Gov. Baker proposes National Guard pay hike and military justice code

Bill would establish highest minimum daily pay in nation for guard members on active state duty

  • Major General Gary Keefe, the adjutant general of the Massachusetts National Guard and a Northampton resident. Gazette File photo

Staff Writer
Published: 12/14/2017 10:40:46 PM

Gov. Charlie Baker wants an increase in the minimum daily pay for members of the Massachusetts National Guard when on active state duty. He also wants to create a military justice code that guarantees members are treated the same, whether serving in a federal or state capacity.

The Baker administration this week filed a bill with the state Legislature to make a series of adjustments to Chapter 33 of the state’s laws, the statute that enables the creation of the Massachusetts National Guard, following extensive consultation with its members.

“Modernizing our laws will better enable the nation’s oldest militia to continue fulfilling its important missions, while ensuring the brave men and women of the guard continue to lead the way with the highest of standards,” Baker said in a statement that coincided with a Statehouse celebration of the National Guard’s 381st birthday on Wednesday.

Lt. Col. Shannon McLaughlin, state judge advocate for the Massachusetts National Guard, said in a phone interview Thursday that she is excited about how the changes will affect the 8,131 members in the state.

“This makes sure our operations are accurately represented by the law,” McLaughlin said.

McClaughlin said Massachusetts is one of a handful of states that doesn’t have its own uniform code governing conduct, meaning members are at risk of having military crimes prosecuted in different ways depending on whether the member is serving in a federal or state capacity.

Based on the American Bar Association’s Model State Code of Military Justice, the proposal will provide consistency and establish a series of military crimes that parallel those found in the federal Uniform Code of Military Justice. It also establishes procedures for the convening and conduct of courts-martial for specific military offenses.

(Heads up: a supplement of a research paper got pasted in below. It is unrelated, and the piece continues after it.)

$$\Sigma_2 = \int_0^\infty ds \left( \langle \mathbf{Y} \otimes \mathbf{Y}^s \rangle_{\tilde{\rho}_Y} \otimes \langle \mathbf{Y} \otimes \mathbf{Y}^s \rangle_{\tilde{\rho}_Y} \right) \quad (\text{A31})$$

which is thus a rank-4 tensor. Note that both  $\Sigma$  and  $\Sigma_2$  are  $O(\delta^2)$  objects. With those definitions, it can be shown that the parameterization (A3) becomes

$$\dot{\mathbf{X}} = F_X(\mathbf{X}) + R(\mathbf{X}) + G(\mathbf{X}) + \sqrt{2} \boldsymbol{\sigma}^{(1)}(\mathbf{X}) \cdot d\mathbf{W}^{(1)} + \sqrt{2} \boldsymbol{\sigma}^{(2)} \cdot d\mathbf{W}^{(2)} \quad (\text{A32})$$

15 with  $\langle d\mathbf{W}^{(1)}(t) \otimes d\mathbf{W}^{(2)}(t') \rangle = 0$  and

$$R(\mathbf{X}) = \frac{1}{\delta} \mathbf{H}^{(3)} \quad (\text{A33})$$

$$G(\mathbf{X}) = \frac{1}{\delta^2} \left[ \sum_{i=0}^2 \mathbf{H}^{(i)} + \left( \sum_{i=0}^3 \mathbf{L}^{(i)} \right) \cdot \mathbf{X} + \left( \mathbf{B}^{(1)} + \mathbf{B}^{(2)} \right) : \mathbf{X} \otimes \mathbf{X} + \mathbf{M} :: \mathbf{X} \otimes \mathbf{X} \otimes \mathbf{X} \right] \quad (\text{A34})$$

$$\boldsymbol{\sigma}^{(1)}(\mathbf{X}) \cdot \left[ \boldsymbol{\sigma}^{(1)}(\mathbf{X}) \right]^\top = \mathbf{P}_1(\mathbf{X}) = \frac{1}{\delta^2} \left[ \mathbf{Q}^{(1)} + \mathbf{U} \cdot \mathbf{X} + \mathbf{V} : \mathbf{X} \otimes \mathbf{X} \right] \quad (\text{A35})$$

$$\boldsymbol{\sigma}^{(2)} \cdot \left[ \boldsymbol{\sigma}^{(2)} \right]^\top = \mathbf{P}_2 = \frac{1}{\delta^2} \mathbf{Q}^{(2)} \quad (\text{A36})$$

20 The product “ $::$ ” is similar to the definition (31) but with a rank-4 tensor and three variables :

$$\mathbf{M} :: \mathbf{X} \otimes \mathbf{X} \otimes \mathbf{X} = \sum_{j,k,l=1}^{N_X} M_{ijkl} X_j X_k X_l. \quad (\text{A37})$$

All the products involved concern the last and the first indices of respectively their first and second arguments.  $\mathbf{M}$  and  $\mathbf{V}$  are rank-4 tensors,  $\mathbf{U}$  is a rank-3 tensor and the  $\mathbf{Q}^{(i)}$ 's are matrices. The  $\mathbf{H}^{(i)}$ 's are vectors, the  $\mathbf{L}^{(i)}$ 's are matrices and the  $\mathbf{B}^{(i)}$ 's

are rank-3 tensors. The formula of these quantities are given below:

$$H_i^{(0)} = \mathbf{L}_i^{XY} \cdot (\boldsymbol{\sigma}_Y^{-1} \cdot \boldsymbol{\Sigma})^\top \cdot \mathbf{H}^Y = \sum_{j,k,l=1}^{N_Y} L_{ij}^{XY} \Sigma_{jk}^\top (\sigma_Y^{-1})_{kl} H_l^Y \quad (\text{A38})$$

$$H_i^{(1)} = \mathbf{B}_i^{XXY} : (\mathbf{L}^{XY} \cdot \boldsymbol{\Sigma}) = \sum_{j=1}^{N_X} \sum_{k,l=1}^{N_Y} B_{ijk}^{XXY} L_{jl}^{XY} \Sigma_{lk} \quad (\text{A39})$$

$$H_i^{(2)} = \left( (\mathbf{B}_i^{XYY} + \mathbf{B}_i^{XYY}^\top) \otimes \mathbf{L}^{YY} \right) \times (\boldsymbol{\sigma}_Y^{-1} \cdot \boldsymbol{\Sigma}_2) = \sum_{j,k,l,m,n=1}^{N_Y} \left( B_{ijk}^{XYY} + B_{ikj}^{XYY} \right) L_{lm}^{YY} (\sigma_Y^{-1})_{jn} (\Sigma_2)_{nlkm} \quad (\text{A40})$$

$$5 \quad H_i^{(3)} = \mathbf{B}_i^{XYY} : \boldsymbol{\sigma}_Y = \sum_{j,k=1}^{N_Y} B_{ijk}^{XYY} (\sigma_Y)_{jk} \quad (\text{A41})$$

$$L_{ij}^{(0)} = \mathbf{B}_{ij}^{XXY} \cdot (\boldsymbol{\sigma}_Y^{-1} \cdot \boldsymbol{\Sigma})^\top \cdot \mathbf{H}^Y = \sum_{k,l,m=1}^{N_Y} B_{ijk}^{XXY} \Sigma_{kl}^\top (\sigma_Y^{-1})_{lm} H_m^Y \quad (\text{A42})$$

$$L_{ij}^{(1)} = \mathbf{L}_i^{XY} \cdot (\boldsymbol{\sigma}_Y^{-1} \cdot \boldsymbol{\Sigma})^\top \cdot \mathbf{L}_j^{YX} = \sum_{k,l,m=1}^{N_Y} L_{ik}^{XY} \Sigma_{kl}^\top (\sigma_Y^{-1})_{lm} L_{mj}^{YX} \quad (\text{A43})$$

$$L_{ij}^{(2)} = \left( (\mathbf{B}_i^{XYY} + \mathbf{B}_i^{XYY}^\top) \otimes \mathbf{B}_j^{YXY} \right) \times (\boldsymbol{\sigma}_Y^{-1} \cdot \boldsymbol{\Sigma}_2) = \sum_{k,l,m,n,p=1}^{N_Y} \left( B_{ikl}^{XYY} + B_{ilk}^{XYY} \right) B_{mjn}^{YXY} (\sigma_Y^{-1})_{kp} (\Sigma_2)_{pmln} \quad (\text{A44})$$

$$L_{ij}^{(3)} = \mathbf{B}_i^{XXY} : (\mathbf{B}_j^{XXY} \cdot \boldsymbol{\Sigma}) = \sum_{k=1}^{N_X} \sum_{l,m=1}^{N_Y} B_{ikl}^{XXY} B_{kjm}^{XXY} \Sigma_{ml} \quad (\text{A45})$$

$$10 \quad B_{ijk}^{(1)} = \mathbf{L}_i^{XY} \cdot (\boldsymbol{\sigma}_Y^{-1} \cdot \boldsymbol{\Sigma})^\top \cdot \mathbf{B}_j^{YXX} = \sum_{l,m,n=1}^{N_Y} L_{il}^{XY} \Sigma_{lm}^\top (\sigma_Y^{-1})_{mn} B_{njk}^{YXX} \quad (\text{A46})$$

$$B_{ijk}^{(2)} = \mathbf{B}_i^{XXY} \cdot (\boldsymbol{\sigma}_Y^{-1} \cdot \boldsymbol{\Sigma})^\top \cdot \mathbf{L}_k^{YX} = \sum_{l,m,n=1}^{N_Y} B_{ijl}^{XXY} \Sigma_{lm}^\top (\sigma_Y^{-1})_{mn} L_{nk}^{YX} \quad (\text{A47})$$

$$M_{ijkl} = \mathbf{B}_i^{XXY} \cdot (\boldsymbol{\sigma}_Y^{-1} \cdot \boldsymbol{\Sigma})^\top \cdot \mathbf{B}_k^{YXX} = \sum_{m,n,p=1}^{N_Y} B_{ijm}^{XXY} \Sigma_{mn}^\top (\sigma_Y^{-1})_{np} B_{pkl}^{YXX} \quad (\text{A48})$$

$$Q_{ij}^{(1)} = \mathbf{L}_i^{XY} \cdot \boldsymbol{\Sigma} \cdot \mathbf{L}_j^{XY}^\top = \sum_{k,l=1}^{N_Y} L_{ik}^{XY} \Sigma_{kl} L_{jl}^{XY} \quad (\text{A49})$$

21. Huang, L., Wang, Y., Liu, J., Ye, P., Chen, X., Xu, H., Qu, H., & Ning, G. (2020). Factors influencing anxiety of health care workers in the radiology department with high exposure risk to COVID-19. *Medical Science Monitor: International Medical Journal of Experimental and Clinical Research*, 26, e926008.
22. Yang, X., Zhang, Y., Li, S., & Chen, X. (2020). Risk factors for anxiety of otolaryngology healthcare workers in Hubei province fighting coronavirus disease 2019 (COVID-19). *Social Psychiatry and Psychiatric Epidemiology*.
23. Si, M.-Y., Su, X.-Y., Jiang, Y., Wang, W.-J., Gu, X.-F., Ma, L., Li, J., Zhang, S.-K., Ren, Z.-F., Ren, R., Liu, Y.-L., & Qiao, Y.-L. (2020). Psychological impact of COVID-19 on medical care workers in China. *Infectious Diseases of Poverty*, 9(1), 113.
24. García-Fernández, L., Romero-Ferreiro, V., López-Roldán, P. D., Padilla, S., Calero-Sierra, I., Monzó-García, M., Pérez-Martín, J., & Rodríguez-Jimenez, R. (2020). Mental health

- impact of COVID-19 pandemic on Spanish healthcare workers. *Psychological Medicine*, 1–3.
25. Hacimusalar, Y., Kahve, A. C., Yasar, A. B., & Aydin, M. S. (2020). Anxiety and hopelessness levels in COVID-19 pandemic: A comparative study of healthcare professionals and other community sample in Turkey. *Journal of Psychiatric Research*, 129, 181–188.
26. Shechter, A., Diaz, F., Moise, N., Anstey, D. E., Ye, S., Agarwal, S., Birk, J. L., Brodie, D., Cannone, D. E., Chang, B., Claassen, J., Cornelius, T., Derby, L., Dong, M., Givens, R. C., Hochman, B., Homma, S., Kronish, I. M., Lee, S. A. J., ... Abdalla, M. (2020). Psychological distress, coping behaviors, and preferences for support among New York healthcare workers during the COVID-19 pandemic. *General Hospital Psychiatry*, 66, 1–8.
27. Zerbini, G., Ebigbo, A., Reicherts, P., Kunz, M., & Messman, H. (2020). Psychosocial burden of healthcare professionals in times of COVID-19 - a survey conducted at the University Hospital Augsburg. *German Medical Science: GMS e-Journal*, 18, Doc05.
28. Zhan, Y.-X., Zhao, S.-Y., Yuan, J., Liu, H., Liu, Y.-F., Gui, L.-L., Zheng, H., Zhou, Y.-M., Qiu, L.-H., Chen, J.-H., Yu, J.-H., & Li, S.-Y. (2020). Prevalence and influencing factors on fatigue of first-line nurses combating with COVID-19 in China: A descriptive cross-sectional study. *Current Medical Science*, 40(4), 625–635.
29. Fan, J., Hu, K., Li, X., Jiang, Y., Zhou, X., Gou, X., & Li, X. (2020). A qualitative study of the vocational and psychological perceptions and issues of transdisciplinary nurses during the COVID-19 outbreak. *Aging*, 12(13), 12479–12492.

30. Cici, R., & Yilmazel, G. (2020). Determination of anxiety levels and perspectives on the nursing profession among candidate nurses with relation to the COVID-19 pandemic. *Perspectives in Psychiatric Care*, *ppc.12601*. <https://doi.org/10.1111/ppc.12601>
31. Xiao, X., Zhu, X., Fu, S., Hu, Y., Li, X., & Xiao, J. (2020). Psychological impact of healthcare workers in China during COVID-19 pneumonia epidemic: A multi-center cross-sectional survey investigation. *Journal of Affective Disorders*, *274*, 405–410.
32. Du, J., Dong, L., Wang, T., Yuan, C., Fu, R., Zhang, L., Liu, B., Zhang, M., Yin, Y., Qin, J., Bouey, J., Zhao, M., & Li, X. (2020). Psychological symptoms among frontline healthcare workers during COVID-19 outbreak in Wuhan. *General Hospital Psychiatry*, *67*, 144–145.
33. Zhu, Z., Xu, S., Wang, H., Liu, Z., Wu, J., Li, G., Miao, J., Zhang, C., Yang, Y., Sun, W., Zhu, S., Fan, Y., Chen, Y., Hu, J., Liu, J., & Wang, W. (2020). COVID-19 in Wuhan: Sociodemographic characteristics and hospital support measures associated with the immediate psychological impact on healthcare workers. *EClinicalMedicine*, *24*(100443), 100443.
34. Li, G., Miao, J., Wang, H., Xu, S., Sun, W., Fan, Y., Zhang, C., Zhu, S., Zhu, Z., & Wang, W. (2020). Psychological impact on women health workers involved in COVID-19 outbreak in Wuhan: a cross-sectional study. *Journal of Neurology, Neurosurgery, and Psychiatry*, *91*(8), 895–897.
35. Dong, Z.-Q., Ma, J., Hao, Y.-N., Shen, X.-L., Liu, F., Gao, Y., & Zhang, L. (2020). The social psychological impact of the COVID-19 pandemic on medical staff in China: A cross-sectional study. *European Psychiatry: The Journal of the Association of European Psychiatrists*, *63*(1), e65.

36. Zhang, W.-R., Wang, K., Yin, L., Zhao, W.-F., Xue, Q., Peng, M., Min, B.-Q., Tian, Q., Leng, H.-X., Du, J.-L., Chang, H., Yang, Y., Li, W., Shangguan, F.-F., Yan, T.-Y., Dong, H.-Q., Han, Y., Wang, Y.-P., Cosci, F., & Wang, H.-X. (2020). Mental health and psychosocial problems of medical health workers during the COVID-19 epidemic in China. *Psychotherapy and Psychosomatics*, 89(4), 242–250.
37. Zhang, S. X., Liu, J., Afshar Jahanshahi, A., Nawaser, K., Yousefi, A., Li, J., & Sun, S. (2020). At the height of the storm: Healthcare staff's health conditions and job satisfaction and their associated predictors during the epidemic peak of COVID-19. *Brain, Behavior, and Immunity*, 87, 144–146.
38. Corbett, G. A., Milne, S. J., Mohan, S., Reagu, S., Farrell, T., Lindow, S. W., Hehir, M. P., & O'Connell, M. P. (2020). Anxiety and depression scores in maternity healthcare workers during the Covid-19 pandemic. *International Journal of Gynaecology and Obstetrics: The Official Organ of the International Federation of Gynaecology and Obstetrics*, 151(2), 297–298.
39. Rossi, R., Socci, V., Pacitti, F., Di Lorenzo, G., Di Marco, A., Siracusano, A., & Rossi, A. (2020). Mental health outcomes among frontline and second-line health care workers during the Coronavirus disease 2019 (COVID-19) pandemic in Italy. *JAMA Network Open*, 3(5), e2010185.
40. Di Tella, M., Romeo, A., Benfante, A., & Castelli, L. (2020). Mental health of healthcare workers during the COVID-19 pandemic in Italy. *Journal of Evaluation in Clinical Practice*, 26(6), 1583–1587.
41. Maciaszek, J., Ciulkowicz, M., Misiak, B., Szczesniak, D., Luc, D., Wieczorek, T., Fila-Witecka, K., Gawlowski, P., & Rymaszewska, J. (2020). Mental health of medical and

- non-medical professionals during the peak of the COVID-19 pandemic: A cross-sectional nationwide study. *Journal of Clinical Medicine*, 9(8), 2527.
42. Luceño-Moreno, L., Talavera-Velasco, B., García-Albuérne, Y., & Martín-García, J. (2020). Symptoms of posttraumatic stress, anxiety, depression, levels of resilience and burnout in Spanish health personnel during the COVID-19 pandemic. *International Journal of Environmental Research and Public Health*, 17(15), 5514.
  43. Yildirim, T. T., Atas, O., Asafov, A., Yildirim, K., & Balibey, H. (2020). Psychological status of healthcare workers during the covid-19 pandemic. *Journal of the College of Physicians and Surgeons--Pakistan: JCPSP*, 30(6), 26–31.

“It gives our commanders ability to instill good order and discipline among the troops,” McLaughlin said.

Should a National Guard member commit a non-military crime, prosecution would still be handled in state court by a district attorney.

Of the more than 8,000 residents who serve, 5,989 are members of the Army and 2,142 are members of the Air. McLaughlin said members are regularly activated, including for weather events that require National Guard presence or incidents in which the State Police require assistance.

The pay adjustments are appreciated by junior members, McLaughlin said. The minimum daily for soldiers and airmen performing state active duty will rise from $100 per day to $200 per day, bringing Massachusetts to the highest minimum in the nation.

While other states also set minimums for junior ranking members, McLaughlin said some states calculate payments based on a federal rate.

The salary floor was set in 2006 and needed to be updated, she said.

“The modernization recognizes the hardship for National Guard service members as they leave their families and their jobs,” McLaughlin said.

This sentiment was echoed by Lt. Gov. Karyn Polito in a statement.

“The National Guard has been there for us when we need them and we should make it easier for them to shoulder the financial burdens of service,” Polito said.

Major General Gary Keefe, the adjutant general of the Massachusetts National Guard and a Northampton resident, said in a statement that the changes are vital and thanked Baker for pushing for the legislation.

“As commander-in-chief of the Massachusetts National Guard, Gov. Baker is a leader in his support for service members, veterans, and their families,” Keefe said. “Establishing a Massachusetts Code of Military Justice provides commanders with the tools required to maintain good order and discipline.”

Another proposed change would modernize and streamline state law to clarify the delegation of authority by Baker, as commander-in-chief, to Keefe, as the adjutant general.

On Thursday, the bill was referred to the Senate’s Public Safety and Homeland Security Committee.

Scott Merzbach can be  reached at smerzbach@gazettenet.com.

Editor’s note: This story was changed at 9 a.m. on Dec. 15, 2017, to correct typographical errors.




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